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Getting provisional tax right

Aug 30 2011 09:22 Gareth Cotten*

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THE way that provisional tax works is that instead of the SA Revenue Service (Sars) waiting for you to file your tax return after the end of the tax year, it requires you to make an estimate half way through the tax year of what your taxable income will be, and then pay towards that. 

The benefits are supposed to be that taxpayers do not then end up getting a shock from one huge tax bill a year, and instead pay this in two smaller amounts - saving them cash flow strife. The benefit to Sars, though, is that it gets its hands on your money sooner.

A tax year runs from March 1 of the previous year to the last day of February of the year in question. So as an example, the 2011 tax year ran from March 1 2010 to February 28 2011. Thus the first provisional tax payment for the 2012 tax year is due right now, by August 31.

This essentially means that we need to calculate what is due for the whole 2012 tax year, and pay half of the tax liability on that amount now (with the balance due at the end of February 2012).

We calculate our first provisional tax payment (what is due by 31 August) like this:

Step 1: Calculate what actual income has been earned from 1 March 2011 to August 31 2011.

Step 2: Calculate what actual expenses/deductions have been incurred from March 1 to August 31.

Step 3: Estimate what income will be for September 1 2011 to February 29 2012.

Step 4: Estimate what expenses/deductions will be for September 1 2011 to February 29 2012.

Step 5: Add answer from Step 3 to answer from Step 1 - this will be your total/gross income for the year.

Step 6: Add answer from Step 4 to answer from Step 2 - this will be your total/gross deductions for the year.

Step 7: Subtract your answer from Step 6 from your answer from Step 5 - this will be your taxable income for the year (this is the number that your tax liability is calculated on).

Step 8: Calculate your tax for the year, using the following table:

Taxable income                        Rate of tax

0 - 150 000                      18% of taxable income

150 001 – 235 000            27 000 + 25% of taxable income above 150 000

235 001 – 325 000            48 250 + 30% of taxable income above 235 000

325 001 – 455 000            75 250 + 35% of taxable income above 325 000

455 001 – 580 000            120 750 + 38% of taxable income above 455 000

580 001 and above           168 250 + 40% of taxable income above 580 000

(For example, if your taxable income was R200 000 for the year, then your tax for the year would be R39 500. This is calculated by taking R27 000 and adding 25% of R50 000 - the amount above R150 000.)

Step 9: Subtract the annual rebate from your answer from Step 8. For this year (2012 tax year), the annual rebate is R10 755 (R16 767 if 65 or older, and R18 767 if 75 or older).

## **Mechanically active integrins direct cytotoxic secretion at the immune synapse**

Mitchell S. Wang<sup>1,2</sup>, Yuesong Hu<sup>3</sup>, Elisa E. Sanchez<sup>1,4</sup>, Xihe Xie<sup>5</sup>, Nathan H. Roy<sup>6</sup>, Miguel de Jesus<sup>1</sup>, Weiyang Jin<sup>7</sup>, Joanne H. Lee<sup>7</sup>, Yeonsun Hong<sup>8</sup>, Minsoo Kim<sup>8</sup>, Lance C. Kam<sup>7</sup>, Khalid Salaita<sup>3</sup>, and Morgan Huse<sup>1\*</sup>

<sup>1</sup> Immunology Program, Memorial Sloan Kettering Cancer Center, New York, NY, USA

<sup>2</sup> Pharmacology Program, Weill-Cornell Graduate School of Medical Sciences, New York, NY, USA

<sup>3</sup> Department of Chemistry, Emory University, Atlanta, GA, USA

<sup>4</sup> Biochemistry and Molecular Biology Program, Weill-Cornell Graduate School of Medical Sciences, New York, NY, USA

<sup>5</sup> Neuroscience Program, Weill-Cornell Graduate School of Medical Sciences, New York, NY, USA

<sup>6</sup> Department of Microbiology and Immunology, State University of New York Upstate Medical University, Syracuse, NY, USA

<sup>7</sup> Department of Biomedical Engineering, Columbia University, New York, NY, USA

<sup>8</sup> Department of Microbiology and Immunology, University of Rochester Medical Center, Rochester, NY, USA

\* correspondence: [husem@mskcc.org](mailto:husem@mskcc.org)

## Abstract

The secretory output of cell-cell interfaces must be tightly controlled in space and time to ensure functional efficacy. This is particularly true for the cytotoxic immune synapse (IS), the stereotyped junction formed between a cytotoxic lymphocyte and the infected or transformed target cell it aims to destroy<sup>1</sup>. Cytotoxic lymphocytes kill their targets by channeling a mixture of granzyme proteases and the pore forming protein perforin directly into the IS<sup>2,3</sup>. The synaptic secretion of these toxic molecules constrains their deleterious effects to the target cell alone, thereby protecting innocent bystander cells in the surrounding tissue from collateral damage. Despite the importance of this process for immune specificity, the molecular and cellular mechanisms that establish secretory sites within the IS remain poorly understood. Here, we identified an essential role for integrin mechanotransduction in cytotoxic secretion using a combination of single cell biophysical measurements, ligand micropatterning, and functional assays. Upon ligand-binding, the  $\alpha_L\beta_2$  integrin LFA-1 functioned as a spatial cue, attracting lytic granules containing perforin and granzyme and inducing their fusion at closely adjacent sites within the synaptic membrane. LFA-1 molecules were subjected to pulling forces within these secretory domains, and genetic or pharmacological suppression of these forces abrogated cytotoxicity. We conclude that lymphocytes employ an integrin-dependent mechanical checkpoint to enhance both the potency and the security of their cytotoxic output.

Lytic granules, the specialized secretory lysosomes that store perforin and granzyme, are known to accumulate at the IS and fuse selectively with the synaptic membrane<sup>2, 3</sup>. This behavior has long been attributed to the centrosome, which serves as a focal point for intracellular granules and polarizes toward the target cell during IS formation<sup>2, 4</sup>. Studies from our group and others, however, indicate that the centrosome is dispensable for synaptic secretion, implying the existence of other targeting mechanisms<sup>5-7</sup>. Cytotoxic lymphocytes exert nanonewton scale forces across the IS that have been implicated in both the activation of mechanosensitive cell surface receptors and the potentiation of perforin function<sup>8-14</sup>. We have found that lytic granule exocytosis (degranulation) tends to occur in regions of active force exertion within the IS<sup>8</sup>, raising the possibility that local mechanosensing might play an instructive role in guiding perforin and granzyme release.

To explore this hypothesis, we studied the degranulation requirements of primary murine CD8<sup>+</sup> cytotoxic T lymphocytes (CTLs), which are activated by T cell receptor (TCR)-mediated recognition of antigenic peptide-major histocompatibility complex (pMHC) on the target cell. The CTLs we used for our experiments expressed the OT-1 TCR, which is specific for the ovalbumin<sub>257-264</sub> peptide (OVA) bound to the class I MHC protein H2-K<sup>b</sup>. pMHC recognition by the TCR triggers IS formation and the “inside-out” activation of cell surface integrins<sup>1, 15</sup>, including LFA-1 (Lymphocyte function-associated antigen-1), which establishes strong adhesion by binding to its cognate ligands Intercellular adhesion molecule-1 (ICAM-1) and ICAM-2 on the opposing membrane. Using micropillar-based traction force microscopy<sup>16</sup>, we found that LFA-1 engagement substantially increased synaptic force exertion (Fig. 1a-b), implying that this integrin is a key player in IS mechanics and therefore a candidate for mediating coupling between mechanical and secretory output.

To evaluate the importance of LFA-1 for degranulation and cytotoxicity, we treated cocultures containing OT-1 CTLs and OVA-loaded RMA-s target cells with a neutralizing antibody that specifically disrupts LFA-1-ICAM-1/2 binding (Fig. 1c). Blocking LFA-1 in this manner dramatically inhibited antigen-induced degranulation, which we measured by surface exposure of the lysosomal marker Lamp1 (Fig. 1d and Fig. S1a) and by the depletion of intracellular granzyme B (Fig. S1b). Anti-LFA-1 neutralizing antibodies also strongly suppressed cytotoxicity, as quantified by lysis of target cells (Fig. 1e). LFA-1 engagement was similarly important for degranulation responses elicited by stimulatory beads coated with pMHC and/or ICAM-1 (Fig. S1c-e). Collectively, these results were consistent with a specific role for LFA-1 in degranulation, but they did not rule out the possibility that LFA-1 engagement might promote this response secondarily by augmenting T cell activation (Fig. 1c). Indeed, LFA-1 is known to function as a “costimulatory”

Step 10: Your answer from Step 9 is your tax liability for the whole year. Halve that, and this is how much you should pay as your first provisional tax payment by the end of August.

So, to give an example for clarity's sake, let's use John. Using the six months of the year already completed, John estimates that his total income for the year will R300 000, and his total expenses for the year will be R100 000. His taxable income for the year would thus be R200 000 (R300 000 - R100 000).

Using the table, John calculates that his tax for the year would be R39 500 (see example above). John is in his 30s, so his rebate is R10 755 for the year. He subtracts this from R39 500, to get a total estimated tax liability for the year of R28 745. He would thus pay half of this (R14 372.50) as his first provisional tax payment due by the end of August.

Now, regarding the estimates: you could be asking yourself "How the heck am I supposed to estimate what I'm going to make and spend in the next six months?" And that's a valid query. The point is, Sars doesn't expect you to know exactly either, so it allows for some variance. 

Basically, to avoid any penalties when you submit your second return at the end of February, you need to make sure that your estimate of taxable income is 90% or more of your actual taxable income once you've gone through the full year (this ratio is 80% if your taxable income is more than R1m a year).

This is imposed to stop people from underestimating for their first return in August (to pay as little as possible upfront). So in essence, to avoid being hit with penalties estimate your taxable income to be on the high side of what you think it's likely to be. (Just don't go too high, or you'll end up paying over more than necessary in August.)

eFiling:

When you're on eFiling, go to the Home tab. On the left hand side, you'll see User and a drop-down list.

Go to Tax Types, and it'll show whether you're registered for provisional tax or not. If not, you'll need to click on Provisional Tax (the return is an IRP6), and then register for it. Once you're registered, you'll be able to fill in your return (under the Returns tab) and submit it.

* Gareth Cotten is a finance coach and the course convener of the University of Cape Town Basics of Financial Management course. 

sars  |  tax  |  money
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